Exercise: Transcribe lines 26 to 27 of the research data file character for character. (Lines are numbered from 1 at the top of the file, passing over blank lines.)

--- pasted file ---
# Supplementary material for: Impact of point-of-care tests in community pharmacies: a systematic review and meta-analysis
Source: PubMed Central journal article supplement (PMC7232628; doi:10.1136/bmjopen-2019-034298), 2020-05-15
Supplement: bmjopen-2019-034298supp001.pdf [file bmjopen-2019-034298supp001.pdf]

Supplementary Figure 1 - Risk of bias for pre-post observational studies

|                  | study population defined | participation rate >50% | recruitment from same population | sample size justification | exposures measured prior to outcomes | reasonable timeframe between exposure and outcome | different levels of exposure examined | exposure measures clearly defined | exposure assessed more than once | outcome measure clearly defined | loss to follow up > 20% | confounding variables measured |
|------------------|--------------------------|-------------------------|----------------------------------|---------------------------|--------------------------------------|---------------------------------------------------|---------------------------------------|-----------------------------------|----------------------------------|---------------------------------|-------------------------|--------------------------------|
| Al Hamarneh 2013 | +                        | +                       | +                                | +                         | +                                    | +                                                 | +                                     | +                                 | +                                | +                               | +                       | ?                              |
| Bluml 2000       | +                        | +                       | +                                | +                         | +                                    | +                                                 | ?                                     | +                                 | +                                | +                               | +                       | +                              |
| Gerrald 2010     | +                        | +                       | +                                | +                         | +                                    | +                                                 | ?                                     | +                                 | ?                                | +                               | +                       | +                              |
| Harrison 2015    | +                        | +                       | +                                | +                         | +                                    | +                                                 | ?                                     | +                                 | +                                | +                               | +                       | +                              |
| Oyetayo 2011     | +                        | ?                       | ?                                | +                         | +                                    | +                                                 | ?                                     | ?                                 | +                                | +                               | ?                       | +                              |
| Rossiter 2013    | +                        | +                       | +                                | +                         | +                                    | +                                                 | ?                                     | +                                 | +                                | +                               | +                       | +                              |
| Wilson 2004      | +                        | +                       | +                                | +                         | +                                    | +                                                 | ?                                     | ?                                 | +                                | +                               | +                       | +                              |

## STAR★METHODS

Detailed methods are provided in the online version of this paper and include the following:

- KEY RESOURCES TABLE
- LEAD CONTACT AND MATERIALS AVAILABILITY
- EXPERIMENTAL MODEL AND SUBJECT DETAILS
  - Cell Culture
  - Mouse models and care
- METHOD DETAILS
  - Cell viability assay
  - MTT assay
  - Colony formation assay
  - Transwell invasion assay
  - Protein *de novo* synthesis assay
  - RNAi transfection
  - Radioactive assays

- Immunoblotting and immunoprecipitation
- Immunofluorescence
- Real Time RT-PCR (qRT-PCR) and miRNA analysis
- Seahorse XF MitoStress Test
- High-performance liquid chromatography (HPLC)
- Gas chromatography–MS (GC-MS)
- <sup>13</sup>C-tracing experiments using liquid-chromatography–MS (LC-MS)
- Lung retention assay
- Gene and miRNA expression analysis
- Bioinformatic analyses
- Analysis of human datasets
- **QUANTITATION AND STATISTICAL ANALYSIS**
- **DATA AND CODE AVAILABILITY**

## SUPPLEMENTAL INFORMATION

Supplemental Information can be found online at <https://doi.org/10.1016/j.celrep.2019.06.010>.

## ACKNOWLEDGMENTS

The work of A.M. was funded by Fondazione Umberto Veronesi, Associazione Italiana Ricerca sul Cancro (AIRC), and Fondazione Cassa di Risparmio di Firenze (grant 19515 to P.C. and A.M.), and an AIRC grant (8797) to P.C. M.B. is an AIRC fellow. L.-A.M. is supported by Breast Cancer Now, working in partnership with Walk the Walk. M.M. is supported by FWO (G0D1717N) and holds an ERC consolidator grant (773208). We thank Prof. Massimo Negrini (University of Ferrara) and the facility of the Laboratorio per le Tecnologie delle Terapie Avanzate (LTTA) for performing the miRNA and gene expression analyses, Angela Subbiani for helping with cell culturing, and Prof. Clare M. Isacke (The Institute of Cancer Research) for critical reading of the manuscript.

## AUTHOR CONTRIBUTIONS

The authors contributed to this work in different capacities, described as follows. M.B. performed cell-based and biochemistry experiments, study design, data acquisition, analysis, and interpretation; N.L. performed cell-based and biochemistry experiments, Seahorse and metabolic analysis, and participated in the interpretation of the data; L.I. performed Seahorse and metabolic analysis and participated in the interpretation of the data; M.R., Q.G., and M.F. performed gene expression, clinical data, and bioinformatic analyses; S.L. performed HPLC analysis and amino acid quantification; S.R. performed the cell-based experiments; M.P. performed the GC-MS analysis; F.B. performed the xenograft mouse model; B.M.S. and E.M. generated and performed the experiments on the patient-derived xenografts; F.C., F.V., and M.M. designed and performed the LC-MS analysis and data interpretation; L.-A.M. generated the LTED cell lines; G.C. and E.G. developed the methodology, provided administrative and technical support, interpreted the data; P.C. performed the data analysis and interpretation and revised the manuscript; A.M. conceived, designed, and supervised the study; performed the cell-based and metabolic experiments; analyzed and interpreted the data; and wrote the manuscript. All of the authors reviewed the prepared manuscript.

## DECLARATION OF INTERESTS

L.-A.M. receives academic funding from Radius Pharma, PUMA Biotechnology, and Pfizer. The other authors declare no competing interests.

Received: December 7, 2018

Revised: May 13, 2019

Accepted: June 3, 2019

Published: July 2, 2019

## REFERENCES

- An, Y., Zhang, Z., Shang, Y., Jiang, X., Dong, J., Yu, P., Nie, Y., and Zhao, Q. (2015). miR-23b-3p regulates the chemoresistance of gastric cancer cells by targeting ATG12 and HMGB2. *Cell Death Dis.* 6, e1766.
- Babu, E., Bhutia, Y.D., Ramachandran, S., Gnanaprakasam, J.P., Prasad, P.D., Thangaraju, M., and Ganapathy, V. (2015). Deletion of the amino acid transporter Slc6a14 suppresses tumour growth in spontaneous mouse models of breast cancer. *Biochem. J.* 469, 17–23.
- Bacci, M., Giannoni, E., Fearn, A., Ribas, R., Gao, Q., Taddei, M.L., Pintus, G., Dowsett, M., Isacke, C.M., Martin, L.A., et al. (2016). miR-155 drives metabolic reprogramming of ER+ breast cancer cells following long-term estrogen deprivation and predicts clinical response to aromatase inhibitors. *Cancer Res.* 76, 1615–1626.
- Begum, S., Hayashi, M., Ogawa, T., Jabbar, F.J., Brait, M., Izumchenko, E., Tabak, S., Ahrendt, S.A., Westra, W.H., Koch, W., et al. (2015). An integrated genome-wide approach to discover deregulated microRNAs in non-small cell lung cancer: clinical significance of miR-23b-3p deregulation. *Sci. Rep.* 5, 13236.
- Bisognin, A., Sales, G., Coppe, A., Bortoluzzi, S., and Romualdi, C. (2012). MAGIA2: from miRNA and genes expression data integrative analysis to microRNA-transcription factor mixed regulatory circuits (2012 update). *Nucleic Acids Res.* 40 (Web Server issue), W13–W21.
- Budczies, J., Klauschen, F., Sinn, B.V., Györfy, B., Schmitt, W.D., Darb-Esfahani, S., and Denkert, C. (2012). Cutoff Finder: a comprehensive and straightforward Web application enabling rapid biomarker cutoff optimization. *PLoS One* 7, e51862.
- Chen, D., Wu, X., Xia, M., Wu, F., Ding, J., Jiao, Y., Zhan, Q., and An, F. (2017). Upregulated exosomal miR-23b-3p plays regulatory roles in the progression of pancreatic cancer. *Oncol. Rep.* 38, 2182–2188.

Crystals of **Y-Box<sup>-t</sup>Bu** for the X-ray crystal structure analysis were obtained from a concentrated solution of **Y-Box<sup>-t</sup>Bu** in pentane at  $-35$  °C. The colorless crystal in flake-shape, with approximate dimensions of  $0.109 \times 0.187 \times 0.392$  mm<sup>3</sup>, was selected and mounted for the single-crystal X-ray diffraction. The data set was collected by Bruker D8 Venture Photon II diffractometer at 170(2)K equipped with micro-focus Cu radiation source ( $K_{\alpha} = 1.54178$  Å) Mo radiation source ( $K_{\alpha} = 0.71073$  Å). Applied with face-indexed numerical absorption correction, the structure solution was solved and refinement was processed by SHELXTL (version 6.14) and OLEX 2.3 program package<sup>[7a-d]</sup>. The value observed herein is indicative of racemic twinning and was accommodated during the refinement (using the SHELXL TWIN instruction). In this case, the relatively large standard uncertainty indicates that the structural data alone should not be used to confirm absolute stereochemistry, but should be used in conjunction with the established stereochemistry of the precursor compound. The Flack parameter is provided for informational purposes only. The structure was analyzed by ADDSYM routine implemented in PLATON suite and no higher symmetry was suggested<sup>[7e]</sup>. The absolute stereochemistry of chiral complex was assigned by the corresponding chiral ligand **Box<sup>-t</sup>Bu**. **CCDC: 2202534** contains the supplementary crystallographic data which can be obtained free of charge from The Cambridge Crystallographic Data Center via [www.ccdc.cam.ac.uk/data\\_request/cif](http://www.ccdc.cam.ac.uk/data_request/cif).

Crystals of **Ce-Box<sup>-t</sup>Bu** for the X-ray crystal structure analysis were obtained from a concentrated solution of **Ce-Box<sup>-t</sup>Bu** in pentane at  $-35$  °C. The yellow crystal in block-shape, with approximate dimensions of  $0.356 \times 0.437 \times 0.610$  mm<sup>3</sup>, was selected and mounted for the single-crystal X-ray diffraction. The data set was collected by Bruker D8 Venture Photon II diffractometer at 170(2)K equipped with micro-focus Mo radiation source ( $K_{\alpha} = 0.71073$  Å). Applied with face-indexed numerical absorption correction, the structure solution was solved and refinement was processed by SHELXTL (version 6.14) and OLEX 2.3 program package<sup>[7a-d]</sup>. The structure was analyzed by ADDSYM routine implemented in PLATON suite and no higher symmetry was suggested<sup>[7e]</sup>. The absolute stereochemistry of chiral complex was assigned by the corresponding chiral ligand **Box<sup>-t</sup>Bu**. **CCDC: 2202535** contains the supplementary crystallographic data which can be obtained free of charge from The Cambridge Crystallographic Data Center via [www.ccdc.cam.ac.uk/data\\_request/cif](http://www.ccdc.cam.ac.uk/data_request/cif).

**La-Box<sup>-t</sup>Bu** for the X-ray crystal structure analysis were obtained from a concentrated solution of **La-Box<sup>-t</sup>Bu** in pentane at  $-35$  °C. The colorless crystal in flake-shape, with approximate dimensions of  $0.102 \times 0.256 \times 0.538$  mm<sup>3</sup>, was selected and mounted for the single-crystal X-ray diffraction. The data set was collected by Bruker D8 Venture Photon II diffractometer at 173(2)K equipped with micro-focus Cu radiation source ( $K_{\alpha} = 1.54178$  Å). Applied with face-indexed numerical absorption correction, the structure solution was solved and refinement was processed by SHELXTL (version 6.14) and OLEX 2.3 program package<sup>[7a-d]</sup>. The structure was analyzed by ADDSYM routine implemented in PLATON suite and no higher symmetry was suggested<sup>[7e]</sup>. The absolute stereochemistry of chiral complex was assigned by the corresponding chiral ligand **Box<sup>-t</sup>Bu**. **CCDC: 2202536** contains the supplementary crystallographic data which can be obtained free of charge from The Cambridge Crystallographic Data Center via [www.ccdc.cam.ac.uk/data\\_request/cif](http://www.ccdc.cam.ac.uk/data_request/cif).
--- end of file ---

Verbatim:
  - Protein *de novo* synthesis assay
  - RNAi transfection